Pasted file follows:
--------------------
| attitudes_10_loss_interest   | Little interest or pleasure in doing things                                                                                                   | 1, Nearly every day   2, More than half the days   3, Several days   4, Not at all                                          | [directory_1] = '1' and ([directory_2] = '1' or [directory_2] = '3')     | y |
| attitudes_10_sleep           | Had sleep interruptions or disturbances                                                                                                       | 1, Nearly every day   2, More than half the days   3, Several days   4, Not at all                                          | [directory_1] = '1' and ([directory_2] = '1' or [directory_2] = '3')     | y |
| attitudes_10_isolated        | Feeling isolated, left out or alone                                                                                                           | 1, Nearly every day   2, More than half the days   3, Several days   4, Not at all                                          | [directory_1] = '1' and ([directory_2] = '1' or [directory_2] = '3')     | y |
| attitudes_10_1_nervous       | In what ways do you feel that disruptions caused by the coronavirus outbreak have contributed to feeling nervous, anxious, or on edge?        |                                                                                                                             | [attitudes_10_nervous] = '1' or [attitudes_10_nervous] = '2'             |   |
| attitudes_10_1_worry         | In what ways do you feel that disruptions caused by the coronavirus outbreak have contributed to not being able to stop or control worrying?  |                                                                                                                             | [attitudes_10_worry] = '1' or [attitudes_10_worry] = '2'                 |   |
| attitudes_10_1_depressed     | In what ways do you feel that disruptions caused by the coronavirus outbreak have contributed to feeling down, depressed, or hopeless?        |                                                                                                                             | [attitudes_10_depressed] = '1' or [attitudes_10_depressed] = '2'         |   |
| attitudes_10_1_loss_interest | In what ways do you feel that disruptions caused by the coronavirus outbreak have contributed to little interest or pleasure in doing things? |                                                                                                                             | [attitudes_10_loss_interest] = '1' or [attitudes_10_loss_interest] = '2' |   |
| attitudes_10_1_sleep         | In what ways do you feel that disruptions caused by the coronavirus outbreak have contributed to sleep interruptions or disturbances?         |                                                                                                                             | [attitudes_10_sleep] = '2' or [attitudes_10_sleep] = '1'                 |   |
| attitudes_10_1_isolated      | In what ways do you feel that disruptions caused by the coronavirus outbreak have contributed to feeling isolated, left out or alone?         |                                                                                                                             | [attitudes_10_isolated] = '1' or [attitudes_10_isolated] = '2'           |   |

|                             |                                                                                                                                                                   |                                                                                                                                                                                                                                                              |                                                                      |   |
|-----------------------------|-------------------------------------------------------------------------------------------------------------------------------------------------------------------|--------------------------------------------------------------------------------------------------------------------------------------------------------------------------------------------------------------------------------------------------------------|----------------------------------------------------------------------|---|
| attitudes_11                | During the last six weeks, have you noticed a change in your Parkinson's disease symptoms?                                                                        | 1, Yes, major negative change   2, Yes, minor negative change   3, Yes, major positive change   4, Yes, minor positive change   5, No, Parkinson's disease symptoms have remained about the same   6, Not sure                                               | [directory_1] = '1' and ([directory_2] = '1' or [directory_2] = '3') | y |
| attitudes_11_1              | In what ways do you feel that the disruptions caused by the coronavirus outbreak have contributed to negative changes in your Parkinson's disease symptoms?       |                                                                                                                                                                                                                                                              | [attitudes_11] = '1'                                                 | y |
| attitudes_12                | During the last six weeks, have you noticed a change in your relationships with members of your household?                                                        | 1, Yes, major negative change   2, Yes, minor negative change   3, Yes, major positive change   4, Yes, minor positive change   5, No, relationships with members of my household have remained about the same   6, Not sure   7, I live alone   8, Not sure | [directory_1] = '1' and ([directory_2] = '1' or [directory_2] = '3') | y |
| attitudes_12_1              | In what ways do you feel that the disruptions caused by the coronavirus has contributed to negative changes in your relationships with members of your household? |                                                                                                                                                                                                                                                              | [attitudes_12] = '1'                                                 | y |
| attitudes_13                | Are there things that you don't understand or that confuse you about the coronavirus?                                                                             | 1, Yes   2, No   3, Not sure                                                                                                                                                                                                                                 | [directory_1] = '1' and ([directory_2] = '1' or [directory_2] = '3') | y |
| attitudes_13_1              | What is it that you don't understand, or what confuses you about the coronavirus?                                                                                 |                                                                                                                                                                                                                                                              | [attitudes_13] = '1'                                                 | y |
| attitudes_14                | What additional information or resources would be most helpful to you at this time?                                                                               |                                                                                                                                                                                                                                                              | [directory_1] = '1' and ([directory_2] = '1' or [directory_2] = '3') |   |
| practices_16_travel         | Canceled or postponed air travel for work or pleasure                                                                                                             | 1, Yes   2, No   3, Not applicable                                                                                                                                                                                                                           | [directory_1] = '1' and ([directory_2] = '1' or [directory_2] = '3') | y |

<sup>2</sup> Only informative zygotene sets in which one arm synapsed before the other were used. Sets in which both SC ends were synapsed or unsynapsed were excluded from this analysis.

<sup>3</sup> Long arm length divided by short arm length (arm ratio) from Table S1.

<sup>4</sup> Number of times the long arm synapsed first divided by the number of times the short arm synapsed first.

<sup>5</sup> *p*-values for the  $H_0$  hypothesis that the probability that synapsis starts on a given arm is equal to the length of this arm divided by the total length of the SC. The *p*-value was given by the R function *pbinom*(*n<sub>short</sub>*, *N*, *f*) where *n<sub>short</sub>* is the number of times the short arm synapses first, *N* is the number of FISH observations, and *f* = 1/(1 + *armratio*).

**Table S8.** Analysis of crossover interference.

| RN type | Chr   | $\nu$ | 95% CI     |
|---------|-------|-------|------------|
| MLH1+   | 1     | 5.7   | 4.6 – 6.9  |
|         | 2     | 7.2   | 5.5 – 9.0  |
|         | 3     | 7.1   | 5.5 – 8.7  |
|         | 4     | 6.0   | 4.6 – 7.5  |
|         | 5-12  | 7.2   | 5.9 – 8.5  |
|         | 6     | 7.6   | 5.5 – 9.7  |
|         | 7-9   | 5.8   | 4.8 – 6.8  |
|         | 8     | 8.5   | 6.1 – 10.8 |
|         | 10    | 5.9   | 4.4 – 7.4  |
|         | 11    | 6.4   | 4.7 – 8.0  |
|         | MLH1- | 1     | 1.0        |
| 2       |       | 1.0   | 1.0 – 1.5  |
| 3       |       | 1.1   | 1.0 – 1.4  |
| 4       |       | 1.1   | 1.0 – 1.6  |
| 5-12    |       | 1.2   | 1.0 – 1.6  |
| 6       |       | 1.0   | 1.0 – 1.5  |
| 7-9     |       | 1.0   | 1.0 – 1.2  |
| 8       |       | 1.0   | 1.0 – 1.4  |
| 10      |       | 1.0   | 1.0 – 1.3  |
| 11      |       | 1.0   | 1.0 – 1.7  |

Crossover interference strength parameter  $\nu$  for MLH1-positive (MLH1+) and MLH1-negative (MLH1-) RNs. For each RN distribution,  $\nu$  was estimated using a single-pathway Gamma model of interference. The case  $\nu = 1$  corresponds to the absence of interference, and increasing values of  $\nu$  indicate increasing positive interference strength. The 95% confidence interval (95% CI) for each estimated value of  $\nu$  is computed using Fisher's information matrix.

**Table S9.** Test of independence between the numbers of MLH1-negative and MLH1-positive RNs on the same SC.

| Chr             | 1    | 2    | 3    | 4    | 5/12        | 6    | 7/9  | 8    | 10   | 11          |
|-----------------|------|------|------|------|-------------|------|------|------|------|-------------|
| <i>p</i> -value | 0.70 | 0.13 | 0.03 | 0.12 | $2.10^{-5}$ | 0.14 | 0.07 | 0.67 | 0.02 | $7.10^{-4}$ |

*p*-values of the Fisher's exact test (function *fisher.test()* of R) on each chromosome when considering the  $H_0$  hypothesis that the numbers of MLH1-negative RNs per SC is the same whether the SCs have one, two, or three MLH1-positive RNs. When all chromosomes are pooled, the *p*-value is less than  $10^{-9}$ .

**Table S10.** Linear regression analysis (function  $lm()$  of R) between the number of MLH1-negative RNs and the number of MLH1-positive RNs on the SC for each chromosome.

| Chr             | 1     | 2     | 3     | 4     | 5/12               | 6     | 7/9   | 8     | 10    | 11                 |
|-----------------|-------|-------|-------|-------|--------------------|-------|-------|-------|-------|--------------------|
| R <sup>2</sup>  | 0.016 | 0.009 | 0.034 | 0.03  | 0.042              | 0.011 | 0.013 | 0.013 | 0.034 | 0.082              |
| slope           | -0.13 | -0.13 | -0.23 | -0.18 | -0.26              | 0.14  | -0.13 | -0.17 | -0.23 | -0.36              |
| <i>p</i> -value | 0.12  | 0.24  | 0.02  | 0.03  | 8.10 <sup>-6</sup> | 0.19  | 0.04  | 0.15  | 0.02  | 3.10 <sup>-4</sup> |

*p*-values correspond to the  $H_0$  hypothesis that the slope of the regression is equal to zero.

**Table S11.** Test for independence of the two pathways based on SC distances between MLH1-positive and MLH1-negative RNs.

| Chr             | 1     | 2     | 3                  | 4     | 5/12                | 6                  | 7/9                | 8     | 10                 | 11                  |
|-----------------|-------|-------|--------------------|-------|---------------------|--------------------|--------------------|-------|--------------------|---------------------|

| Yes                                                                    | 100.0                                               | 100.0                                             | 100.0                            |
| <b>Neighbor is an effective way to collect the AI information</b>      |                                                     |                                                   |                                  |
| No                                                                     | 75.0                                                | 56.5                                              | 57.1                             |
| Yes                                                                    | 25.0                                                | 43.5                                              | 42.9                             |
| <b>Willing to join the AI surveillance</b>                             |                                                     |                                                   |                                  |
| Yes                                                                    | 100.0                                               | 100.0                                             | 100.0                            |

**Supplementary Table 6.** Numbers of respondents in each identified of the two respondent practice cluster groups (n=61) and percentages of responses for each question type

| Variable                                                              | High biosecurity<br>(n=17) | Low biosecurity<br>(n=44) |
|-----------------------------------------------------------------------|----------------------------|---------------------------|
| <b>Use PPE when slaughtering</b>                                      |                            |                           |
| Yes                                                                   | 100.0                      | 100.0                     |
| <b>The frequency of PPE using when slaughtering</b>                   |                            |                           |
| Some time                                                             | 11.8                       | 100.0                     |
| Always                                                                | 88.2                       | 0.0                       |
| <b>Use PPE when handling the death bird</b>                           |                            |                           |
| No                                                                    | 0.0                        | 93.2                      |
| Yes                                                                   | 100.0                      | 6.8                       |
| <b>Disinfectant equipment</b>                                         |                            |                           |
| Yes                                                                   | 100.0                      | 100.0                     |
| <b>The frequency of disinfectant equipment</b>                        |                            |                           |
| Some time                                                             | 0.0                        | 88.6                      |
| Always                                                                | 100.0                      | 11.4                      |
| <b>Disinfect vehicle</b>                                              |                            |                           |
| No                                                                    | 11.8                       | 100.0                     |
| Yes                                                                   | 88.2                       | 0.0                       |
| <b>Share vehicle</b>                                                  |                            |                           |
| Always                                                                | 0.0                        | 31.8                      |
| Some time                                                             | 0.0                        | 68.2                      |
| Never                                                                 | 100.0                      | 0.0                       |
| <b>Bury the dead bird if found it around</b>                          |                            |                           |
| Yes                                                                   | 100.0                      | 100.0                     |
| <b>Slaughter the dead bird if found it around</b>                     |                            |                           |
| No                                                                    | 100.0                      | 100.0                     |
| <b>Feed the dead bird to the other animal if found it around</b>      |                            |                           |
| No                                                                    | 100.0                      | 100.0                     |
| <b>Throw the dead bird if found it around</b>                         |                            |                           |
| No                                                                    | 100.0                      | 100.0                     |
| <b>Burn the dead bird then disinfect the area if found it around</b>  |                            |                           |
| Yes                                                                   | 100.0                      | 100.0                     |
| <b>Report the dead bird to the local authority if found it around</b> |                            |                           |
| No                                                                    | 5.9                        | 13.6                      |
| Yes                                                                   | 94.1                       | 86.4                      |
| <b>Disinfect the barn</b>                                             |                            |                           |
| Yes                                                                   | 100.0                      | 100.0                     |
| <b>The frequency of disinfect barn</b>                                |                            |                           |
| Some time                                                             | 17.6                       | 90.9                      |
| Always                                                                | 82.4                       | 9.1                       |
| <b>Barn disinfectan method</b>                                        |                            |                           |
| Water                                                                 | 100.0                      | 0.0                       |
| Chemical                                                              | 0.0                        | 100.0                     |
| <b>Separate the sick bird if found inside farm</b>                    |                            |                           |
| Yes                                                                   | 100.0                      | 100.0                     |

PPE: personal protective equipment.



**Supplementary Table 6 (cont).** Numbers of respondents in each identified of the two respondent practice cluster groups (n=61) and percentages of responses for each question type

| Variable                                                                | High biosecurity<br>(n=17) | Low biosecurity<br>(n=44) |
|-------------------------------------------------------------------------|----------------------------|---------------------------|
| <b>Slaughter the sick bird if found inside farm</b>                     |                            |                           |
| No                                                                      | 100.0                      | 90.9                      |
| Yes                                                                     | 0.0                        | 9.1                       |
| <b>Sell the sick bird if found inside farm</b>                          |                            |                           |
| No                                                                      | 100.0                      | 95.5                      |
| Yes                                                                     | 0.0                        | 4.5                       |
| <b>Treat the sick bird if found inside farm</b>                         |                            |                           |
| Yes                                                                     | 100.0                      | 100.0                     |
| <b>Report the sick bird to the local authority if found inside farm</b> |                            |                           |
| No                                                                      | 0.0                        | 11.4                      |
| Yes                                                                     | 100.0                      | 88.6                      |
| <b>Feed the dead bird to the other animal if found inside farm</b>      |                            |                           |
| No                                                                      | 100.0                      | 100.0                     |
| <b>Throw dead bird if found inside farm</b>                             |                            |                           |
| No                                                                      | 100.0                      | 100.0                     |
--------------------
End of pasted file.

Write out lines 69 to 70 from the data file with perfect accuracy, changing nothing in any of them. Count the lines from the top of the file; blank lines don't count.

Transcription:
**Supplementary Table 6.** Numbers of respondents in each identified of the two respondent practice cluster groups (n=61) and percentages of responses for each question type

| Variable                                                              | High biosecurity<br>(n=17) | Low biosecurity<br>(n=44) |